“Small countries, small nations have a lot in common, says the former Ambassador of Estonia in Israel Malle Talvet Mustonen. And so do Estonia and Israel. They are small, they are struggling to redefine and preserve their identity, they have a sea but not so many natural resources, so in order to advance, we have to rely on our brains.”
In August 2016, after three years of effectively developing relations between Estonia and Israel, Malle Talvet Mustonen returned to Tallinn, only to return in Tel Aviv soon.
“I can’t accept people saying I’ve stepped down from my position. I just finished my term as an Ambassador. But it is still a lot of work to do, says Talvet Mustonen as we enjoy peaceful Friday lunch on the balcony of their apartment in the heart of old Tel Aviv. The apartment is smaller than the previous one, in which Malle and her husband, internationally acclaimed conductor and violinist Andres Mustonen stayed for three previous years. But the piano is still in the living room, which means that Malle and Andres, who first met in their teens at a music school in their native Tallinn, will keep hosting their Israeli friends.
“I’ve got to love Israelis, says Malle. They are open, straightforward and friendly. Business is made fast and they don’t really care of the hierarchy. Coming from Northern Europe, with only blue eyed blonds around, I especially enjoy ethnical variety of the Israeli people – for me, this is an additional esthetic pleasure,” she smiles.
Malle spends most of her time in Tallinn yet comes to Tel Aviv every month, since her current job in the MFA has to do with leading the Estonian delegation to the International Holocaust Remembrance Alliance (IHRA).
Yet this time she is in Israel not for a couple of days, but for three weeks, as a manager of the fourth edition of Tallinn Tel Aviv – MustonenFest Music Festival.
“Festival is our baby. As an Ambassador, I did not have enough time to be deeply involved in it, but nowadays this is my full time job. And I will keep doing it as long as the festival exists. Granted, there is a production team, but somebody has to both see the overall picture and to take care of small details. With my connections in the two countries, I am able to do it, leaving the artistic matters to Andres.”
“I am not going away, why should I? I have a lot of musical friends here and we enjoy great understanding,” says Andres Mustonen, who has been performing in Israel since the late 1980s’ as well as hosting Israeli artists in Estonia in the latest years. “Local orchestras and choirs want me and I tell you why, although this is my best kept secret. Because I don’t come as a dictator. For me, orchestra players are my fellow musicians and I give them freedom. I don’t tell them how to play – well, as a conductor I give them tempi, and that’s it. I am here to inspire, and in return the musicians give their best. I am not interested in a museum like repetition of of old standards – but rather in creating a unique music experience and sharing with the audience.”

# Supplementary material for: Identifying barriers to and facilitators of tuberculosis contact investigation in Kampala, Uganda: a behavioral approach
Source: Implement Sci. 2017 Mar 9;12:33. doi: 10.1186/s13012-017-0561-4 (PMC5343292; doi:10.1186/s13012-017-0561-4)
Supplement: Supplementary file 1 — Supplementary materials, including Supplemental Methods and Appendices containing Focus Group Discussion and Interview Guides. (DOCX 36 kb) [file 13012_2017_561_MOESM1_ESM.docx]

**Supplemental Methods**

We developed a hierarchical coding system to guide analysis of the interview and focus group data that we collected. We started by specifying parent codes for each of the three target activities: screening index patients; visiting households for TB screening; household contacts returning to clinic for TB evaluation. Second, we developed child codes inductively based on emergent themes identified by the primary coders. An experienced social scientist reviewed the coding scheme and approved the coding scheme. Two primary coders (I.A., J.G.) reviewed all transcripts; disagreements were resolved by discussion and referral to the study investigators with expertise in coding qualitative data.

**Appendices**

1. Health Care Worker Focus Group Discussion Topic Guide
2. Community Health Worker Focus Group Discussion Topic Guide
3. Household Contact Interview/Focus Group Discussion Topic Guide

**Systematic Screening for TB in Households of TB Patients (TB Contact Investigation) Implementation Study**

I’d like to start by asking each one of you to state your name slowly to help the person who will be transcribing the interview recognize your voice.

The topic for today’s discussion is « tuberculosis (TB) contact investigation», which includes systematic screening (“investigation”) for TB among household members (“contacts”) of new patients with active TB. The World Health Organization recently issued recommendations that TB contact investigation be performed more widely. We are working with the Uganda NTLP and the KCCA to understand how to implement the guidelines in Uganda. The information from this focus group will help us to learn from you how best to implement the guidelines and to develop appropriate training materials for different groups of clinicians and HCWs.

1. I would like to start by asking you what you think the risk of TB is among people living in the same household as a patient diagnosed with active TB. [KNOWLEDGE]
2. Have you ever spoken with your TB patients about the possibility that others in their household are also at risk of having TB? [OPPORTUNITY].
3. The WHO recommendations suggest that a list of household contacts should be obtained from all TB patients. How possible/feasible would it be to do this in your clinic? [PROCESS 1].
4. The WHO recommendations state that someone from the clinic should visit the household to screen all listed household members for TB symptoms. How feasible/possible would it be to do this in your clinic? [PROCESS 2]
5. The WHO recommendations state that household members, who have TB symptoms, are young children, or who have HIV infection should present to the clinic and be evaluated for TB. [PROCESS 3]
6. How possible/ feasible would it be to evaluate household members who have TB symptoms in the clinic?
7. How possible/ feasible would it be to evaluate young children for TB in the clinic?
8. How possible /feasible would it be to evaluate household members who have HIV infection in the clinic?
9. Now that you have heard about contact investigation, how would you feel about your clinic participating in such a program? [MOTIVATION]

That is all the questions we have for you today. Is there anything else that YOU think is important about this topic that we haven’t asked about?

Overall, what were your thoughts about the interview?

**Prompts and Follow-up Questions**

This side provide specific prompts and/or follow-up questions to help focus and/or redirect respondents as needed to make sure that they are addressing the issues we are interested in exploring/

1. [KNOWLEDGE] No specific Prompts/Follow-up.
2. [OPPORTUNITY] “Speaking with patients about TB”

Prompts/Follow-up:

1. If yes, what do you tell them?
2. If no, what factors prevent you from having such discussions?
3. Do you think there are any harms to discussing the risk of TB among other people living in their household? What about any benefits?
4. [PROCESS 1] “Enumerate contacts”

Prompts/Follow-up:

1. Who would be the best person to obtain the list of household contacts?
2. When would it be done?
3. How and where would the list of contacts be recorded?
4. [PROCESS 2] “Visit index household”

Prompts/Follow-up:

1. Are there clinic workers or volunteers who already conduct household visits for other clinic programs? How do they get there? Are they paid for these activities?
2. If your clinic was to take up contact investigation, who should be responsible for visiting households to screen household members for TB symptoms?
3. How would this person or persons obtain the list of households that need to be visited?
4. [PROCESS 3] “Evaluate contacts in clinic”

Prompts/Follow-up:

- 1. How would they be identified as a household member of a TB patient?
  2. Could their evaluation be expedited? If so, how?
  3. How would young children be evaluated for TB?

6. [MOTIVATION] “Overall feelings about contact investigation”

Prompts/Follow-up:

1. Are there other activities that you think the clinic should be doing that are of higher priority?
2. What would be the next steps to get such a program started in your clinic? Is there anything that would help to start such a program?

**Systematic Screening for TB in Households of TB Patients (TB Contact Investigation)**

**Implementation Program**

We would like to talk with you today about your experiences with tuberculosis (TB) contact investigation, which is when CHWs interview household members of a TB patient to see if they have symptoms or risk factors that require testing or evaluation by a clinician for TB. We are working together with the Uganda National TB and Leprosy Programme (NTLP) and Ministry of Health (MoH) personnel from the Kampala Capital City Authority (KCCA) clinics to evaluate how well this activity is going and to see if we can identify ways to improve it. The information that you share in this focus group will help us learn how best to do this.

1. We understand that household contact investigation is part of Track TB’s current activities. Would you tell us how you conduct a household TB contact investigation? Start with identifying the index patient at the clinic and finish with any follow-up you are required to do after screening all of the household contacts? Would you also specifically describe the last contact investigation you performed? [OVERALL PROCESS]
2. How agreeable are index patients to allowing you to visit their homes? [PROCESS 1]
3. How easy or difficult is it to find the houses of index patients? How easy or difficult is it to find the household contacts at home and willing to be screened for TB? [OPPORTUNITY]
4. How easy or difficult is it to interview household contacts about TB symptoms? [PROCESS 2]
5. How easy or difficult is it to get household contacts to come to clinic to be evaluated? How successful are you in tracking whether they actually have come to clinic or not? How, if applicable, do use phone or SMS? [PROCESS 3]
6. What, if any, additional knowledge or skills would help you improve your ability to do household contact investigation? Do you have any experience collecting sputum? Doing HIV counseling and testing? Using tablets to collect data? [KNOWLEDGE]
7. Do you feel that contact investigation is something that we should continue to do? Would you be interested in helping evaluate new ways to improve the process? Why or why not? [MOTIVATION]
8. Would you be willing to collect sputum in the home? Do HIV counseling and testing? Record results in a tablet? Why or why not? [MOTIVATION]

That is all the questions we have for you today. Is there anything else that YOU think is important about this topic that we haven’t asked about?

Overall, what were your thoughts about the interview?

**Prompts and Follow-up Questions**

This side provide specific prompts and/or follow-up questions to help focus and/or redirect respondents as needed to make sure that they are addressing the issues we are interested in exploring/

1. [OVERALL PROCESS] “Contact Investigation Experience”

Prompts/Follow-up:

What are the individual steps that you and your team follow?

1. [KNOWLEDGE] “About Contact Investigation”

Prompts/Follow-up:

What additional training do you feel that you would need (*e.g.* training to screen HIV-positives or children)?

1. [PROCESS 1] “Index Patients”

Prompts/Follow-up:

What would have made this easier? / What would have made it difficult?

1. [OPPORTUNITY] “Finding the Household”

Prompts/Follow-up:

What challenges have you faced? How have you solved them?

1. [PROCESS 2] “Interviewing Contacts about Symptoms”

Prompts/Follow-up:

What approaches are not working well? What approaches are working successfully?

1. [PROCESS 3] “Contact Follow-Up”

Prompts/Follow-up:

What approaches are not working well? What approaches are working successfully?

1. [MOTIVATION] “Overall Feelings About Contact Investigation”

Mustonen really succeeds in this mission – each and every concert of the festival, which has started February 13th and comest to its end March 1st, proves that these are not just empty words.
Among 300 artists participating in Tallinn – Tel Aviv MustonenFest about one hundred come from Estonia – ensembles and choirs, as well as soloists, instrumentalists and singers. Basso singer Pavlo Balakin (34) is one of them. Born in Donetsk, Ukraine, he was educated as a jazz saxophone player in his native city’s music academy. “As many students, I used to sing in church choirs, both for money and practice. Then in 2008, a prominent Estonian basso singer Mati Palm came to conduct a master class in our academy. By that time I had already realized that my future as a jazz player in Ukraine was rather dubious – the Sttate simply does not invest in culture enough.” He has moved to Tallinn to study in the local music academy with Mati Palm. Nowadays, he performs on important European opera stages, using The National Opera of Estonia as a home base. He has nothing but praises to the theater. “The working conditions for singers are simply perfect, and this is important, because you spend a lot of time in the theater.”